The biggest question of the Los Angeles Lakers' offseason didn't take long to answer. On Thursday, a day before the deadline he set for himself to decide on his coaching future, Phil Jackson announced that yes indeed, he'll return to L.A. for one more go. Just last week, he said he was leaning toward retirement. Phil has had his share of health difficulties, and the unfortunate example of George Karl, who had to leave the Denver Nuggets midseason to attend to cancer treatment, loomed in his mind. Toss in the persistent rumors that the Buss family would ask Phil to take a substantial cut on his $12 million salary, a bizarre suggestion for a coach who's given the franchise back-to-back titles and five banners in total, and it seemed very possible that we'd seen the last of Phil Jackson, NBA coach.
Unfortunately for 29 other teams, it will not be Brian Shaw or Byron Scott captaining the Lakers next season. The Los Angeles Times reports that either Phil will take a "minor" pay cut or a small portion of his salary will be deferred. Thus, all essential pieces will be back to attempt a three-peat, which, if it comes to pass, would be the fourth time Jackson has pulled the trick. Only two other NBA coaches, Red Auerbach and the Minneapolis Lakers' John Kundla, have done it even once.
Assuming the Lakers reach agreement with free-agent Derek Fisher, and outside interest in Ol' Man Fish is not likely to resemble an iPhone 4-caliber frenzy, the Lakers will return their full top-six rotation. Those six players (Fisher, Kobe Bryant, Pau Gasol, Ron Artest, Lamar Odom and Andrew Bynum) accounted for 74 percent of minutes played in the 2009-10 regular season and 84 percent of minutes played in the playoffs. With Phil back at the wheel, continuity is assured.
It would have been an odd sight, a defending NBA champion needing to find a new coach. Only three have ever attempted it. In 1958, the St. Louis Hawks, fresh off the franchise's first and only title, fired Alex Hannum when he threatened to go back to working as a carpenter if he didn't get a raise. In 1969, Bill Russell won a title as player-coach with the Boston Celtics and promptly retired as both player and coach. And in 1999, in the midst of the NBA's lockout, the Chicago Bulls replaced Phil Jackson with (ahem) Tim Floyd, perhaps the steepest year-over-year slide in coaching talent since ever. I like to think that when the time comes for the Lakers to hire a successor to Phil, the candidate search will not involve the words "Tim Floyd."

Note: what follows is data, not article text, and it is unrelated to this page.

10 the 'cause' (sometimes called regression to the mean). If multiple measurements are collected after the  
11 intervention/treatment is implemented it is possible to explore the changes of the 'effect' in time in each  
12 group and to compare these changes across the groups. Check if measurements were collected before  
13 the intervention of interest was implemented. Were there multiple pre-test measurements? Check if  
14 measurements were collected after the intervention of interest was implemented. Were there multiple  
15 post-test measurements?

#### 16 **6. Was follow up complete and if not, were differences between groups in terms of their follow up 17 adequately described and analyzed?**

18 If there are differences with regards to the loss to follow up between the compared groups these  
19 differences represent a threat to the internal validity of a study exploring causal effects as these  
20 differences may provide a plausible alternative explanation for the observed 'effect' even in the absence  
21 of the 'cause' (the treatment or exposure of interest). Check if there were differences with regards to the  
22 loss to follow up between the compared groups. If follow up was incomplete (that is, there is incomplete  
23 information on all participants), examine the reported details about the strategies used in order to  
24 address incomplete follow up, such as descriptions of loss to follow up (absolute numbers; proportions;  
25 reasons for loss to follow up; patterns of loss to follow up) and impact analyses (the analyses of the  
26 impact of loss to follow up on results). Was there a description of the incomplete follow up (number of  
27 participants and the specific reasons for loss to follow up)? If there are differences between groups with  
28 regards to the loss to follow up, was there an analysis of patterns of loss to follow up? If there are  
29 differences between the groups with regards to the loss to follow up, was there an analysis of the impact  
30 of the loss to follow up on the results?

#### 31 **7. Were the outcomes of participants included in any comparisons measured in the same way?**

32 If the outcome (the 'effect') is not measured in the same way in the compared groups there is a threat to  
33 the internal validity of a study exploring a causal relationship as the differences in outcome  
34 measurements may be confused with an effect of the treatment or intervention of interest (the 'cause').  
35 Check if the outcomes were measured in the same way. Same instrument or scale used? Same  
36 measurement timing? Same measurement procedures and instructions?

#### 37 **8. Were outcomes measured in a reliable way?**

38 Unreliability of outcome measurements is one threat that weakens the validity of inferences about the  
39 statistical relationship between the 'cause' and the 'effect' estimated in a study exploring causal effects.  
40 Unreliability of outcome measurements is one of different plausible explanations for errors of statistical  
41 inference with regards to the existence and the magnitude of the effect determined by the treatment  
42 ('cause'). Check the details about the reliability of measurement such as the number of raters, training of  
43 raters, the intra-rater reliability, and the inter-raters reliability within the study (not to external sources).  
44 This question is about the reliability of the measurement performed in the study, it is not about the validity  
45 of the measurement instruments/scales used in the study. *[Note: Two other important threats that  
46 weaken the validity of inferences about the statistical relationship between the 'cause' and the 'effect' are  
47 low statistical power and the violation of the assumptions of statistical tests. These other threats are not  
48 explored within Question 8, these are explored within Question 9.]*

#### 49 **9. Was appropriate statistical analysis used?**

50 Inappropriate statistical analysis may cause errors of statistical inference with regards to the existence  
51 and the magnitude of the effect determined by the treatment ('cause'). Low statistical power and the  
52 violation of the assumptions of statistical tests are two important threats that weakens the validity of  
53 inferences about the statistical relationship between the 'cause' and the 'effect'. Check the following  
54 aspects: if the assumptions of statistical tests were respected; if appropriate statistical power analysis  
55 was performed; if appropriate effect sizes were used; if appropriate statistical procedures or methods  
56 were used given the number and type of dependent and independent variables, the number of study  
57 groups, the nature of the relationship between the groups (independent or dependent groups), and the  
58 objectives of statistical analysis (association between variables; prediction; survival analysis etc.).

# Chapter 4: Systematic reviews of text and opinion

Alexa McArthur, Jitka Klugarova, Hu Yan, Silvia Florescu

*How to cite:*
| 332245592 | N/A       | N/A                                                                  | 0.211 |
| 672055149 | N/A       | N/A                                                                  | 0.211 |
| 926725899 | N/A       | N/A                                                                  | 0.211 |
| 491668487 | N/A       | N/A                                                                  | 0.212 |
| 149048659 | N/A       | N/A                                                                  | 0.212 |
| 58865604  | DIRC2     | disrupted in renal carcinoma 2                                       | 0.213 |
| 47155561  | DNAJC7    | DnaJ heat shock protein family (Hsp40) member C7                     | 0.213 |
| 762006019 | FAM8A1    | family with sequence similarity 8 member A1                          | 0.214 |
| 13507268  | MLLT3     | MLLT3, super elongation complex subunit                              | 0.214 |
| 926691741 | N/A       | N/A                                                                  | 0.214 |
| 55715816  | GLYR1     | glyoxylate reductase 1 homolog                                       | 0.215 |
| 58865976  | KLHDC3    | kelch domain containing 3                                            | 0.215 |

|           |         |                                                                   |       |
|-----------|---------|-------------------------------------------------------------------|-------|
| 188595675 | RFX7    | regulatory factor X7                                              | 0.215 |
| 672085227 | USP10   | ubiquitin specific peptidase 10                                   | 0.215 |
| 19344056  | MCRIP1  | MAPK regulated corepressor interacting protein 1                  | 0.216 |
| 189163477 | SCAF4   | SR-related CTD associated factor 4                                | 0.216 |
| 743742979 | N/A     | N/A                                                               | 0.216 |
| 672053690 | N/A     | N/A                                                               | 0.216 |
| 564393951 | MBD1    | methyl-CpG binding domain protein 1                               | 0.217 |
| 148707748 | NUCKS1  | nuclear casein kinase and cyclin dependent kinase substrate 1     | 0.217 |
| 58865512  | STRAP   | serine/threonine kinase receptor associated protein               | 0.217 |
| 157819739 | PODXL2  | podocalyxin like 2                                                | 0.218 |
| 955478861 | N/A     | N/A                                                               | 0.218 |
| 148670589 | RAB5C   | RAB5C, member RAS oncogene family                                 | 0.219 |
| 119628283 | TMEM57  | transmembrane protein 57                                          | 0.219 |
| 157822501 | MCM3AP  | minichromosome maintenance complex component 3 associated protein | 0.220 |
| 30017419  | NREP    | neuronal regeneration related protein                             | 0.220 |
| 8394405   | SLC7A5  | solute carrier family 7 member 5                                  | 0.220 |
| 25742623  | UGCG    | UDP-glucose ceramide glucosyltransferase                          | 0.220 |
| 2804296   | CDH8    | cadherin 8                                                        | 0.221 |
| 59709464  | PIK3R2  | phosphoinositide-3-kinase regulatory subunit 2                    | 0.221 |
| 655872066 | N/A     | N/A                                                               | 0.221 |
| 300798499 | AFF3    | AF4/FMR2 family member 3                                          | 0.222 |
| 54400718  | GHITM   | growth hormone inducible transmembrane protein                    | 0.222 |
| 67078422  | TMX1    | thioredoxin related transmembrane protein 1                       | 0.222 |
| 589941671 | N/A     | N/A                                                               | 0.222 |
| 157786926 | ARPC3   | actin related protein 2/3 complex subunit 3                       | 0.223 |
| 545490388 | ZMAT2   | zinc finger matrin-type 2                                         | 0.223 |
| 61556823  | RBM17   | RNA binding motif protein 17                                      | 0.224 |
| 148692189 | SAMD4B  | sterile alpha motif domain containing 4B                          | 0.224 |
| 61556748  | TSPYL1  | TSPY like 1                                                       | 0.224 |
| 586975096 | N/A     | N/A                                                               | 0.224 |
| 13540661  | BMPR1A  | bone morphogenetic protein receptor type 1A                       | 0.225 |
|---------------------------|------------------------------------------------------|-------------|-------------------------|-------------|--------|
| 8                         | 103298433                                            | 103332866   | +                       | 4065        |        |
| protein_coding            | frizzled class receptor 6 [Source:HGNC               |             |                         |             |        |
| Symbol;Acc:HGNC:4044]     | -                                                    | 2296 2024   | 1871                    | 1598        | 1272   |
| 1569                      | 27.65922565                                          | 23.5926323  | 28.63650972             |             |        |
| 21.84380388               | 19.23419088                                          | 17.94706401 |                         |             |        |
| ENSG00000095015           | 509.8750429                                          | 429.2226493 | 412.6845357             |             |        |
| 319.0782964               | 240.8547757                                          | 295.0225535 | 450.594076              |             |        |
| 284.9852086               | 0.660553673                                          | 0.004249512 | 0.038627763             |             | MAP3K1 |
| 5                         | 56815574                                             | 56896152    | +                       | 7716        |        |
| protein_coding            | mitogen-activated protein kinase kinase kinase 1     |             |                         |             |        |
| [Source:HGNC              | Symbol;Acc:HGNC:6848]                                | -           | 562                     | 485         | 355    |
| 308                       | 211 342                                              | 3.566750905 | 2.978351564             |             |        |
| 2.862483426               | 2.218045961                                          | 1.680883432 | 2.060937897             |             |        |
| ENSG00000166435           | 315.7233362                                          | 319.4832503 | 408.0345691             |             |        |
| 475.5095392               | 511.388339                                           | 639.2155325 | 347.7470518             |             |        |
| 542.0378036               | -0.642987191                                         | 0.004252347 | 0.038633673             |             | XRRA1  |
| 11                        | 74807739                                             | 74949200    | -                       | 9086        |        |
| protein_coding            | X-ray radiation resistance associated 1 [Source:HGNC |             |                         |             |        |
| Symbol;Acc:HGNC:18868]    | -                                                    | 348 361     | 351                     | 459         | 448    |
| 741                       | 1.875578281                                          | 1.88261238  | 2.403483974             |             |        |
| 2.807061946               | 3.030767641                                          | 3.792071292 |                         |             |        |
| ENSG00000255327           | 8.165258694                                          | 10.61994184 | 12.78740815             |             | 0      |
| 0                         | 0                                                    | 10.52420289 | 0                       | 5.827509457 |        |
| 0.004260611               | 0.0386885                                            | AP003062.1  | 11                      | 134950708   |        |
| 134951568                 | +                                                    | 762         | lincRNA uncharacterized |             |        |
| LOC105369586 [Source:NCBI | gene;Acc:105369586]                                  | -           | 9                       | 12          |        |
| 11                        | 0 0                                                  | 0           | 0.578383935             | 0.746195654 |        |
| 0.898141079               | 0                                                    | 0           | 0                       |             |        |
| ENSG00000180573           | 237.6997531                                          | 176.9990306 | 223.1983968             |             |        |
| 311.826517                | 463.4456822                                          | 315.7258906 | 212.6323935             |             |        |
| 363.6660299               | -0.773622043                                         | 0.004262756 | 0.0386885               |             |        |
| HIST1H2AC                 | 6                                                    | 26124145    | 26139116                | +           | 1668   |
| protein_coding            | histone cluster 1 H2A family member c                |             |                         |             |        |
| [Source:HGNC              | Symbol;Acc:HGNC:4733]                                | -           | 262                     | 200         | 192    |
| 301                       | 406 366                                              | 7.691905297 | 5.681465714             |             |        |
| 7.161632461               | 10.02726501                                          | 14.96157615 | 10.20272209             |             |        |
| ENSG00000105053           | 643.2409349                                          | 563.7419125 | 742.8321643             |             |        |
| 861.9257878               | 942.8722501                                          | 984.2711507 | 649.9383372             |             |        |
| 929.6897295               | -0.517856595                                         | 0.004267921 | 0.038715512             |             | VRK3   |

That the Lakers' roster is stocked with fine players is beyond question, but it doesn't follow that they're an easy team to coach. Kobe is a force of nature both on the court and in the locker room. His relationship with Jackson has been forged over nearly 15 difficult years, and with the possible exception of Kobe's Olympics coach Mike Kryzyzewski, there may be no other mentor on the planet whose guidance Kobe would accept. Had Phil chosen to retire, Kobe might have slowly (and uncomfortably for everyone involved) transformed into a de facto player-coach.
Phil's deft touch with other key Lakers would likewise have been irreplaceable. Phil knows when to bait Gasol and when to cosset him. He knows when and how to call Odom out in public. He understands to ignore Artest's Twitter outbursts and all-purpose weirdness. More to the point, he can get away with ignoring them, because he's Phil Jackson. If it were any other coach, he'd be accused of weakness, of letting the inmates run the asylum. Instead, Phil gets the benefit of the doubt. If Phil isn't worried, it's a signal that no one else should be worried, either. Phil has it under control. If you doubt this fact, please direct any and all questions to his 11 rings.
His return, furthermore, allays fears that Laker ownership would look to slash expenses this offseason. If the Buss family is paying full freight for the best coach in the business, it means they're down with funding another title run. Odom won't be shipped out in a salary dump. There now seems a great likelihood that the front office will use the mid-level exception to add a free agent or two, rather than filling out the roster with minimum-salary detritus.
That last point is important. Although Jackson's return was by far the most crucial item on the Lakers' offseason to-do list, it's not the only one. Shannon Brown and Jordan Farmar are on the open market and looking for pay hikes. If they both end up elsewhere, Mitch Kupchak will need to find someone to soak up minutes in the backcourt. The news Thursday night that the Lakers are in talks to sign Mike Miller is more evidence of their commitment to ruling the NBA, and to spend the cash necessary to do it. Why Miller might want to play for any other team, or any other coach, is difficult to fathom.
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